Donald Trump woke up and went all-caps on the death penalty. Twitter's having flashbacks.

Donald Trump woke up and went all-caps on the death penalty. Twitter's having flashbacks.
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After the attack in New York City that killed eight, Donald Trump has taken to the internet to shout for the death penalty. To many New Yorkers, Trump's comments are tearing open old wounds for the city. He's done this before, just without the Twitter feed.

First, Trump took back his idea to send the suspect to Guantanamo.

Then he went caps-lock for capital punishment.

The suspect, Sayfullo Saipov, has been charged with federal terrorism offenses, according to CNN. Although capital punishment is abolished in New York, Politico reports that Saipov could face the death penalty. For those who've lived in the city for 30 years, Trump's eagerness to shout for that penalty is an eerie callback. In 1989, he infamously took out an ad in the New York Daily News that looks just like the '80s version of his Twitter feed. You can see the ad here.

In all capital, large black print, Trump published:

BRING BACK THE DEATH PENALTY. BRING BACK OUR POLICE!

Back then, Trump was calling for the execution of "five schoolchildren," as Jamil Smith of MTV put it. That was in an op-ed last year that explained how Trump's "1989 condemnation" was still relevant today.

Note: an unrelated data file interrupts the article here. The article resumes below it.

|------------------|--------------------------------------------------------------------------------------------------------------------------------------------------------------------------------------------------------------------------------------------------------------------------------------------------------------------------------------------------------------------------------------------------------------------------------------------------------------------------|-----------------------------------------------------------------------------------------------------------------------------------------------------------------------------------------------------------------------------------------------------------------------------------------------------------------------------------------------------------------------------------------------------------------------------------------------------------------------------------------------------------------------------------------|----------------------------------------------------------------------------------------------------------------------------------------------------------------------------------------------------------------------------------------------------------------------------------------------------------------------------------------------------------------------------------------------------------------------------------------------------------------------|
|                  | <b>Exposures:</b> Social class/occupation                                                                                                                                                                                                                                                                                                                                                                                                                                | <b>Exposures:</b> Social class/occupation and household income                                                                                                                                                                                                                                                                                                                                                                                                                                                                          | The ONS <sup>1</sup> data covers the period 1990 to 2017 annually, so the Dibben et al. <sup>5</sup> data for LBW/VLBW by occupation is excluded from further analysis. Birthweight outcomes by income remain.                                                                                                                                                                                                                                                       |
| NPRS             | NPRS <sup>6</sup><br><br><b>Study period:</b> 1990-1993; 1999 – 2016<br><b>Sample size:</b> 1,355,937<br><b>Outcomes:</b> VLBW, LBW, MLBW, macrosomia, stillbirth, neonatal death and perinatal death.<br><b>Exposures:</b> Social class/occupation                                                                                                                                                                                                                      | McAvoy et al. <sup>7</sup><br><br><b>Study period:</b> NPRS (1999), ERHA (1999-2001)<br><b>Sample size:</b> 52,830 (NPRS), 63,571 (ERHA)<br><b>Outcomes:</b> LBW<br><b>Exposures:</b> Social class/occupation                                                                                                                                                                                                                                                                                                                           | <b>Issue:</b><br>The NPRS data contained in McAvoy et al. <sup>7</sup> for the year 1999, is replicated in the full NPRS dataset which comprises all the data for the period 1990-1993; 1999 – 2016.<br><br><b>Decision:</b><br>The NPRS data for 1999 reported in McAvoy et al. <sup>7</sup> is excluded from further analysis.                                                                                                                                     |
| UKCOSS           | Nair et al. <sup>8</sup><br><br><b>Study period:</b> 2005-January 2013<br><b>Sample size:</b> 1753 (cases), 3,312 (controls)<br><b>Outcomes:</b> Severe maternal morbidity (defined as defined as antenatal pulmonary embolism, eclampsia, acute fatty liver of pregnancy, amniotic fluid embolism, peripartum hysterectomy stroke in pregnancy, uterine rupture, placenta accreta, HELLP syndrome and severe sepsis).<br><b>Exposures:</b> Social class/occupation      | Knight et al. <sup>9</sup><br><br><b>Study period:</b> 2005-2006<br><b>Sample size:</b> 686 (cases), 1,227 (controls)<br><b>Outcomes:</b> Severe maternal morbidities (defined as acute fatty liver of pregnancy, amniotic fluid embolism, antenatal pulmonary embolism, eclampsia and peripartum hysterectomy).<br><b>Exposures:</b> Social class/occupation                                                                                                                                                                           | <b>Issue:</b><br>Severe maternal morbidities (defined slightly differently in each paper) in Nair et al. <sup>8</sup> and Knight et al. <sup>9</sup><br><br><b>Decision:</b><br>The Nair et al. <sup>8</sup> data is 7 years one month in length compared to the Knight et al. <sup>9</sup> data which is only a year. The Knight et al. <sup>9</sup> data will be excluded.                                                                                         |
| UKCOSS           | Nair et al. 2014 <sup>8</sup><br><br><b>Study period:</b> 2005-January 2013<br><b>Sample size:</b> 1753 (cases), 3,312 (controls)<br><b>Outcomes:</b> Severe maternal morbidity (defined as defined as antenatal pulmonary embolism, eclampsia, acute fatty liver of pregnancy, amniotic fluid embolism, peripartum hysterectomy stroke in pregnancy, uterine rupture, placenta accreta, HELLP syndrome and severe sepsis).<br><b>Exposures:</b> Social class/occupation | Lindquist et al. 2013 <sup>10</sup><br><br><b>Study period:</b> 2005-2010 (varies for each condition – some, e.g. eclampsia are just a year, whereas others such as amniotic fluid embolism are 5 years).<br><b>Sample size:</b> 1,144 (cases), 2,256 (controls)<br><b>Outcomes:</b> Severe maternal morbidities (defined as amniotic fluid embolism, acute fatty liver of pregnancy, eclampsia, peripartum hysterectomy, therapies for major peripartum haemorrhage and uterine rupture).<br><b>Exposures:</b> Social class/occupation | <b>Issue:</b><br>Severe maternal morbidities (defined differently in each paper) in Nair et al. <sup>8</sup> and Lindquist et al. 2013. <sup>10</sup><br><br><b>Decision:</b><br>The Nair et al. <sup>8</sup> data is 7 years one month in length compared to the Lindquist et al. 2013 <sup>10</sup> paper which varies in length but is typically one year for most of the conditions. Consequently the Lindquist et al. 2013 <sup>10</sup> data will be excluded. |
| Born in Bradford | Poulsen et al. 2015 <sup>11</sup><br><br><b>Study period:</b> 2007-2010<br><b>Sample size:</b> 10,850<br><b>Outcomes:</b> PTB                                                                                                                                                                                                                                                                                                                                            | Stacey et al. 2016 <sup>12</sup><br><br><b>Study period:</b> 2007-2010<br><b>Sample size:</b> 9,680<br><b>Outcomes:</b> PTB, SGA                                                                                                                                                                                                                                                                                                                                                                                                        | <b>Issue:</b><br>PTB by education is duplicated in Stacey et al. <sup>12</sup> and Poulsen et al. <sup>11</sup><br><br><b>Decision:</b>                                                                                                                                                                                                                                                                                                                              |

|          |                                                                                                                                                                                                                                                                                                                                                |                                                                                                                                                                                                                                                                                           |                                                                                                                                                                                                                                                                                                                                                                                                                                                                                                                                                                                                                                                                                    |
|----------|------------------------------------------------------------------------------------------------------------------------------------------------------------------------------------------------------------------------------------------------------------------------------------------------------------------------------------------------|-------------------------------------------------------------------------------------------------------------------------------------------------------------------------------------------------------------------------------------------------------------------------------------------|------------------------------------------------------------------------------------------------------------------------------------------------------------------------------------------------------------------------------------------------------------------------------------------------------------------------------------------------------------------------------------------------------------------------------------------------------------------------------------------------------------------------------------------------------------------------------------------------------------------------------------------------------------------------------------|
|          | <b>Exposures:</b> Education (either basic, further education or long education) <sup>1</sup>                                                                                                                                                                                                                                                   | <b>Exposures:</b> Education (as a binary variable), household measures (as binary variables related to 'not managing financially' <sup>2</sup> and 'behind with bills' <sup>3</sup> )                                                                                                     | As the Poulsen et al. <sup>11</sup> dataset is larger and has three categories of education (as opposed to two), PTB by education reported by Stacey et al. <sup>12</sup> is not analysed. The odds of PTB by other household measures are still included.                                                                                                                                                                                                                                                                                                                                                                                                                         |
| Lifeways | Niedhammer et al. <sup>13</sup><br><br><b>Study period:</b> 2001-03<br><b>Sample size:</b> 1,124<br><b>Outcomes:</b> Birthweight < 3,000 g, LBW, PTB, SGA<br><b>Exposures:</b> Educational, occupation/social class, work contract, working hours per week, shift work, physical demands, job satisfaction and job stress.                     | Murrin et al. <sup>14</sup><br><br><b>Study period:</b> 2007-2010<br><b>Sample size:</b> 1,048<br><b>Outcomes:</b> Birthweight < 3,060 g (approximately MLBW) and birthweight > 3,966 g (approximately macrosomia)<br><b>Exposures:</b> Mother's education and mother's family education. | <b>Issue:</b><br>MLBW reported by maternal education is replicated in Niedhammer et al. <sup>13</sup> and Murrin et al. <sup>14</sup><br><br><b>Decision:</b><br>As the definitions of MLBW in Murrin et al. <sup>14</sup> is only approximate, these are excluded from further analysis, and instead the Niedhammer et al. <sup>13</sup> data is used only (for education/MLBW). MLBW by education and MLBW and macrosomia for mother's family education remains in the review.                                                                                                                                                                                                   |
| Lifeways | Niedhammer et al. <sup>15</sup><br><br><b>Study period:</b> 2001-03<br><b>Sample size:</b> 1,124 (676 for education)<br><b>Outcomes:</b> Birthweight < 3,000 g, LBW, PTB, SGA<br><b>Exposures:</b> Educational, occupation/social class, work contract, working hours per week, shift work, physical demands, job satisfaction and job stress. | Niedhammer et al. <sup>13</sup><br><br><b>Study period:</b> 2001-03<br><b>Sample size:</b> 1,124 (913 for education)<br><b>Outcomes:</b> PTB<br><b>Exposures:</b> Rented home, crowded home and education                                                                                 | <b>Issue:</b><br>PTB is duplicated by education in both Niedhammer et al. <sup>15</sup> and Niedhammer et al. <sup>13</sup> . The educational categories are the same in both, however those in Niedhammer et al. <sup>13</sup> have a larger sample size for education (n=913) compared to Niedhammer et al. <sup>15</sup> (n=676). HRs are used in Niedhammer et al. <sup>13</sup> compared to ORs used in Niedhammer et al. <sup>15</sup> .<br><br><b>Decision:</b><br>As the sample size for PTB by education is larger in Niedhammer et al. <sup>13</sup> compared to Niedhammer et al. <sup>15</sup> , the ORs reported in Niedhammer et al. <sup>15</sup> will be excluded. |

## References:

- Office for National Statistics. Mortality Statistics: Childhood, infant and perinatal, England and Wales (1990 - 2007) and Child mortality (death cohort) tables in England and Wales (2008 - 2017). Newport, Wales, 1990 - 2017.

"None of the 'Central Park Five,'" accused of raping and assaulting an investment banker in Central Park, "were older than 16," he wrote. "All of them were black or Latino. Under police coercion, they'd confessed to the brutal rape and assault...."

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12-years-later, all five were exonerated by DNA evidence.

The issues of race and punishment that Trump pushed then are fully on display now, as New Yorkers and Americans across the country draw the lines between Trump's call for harsh punishment and the race of the terror suspect.

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According to Politico and common sense: "It is extremely unusual for a sitting president to weigh in on an ongoing criminal trial process, let alone recommend capital punishment, and could potentially complicate efforts to prosecute Saipov."

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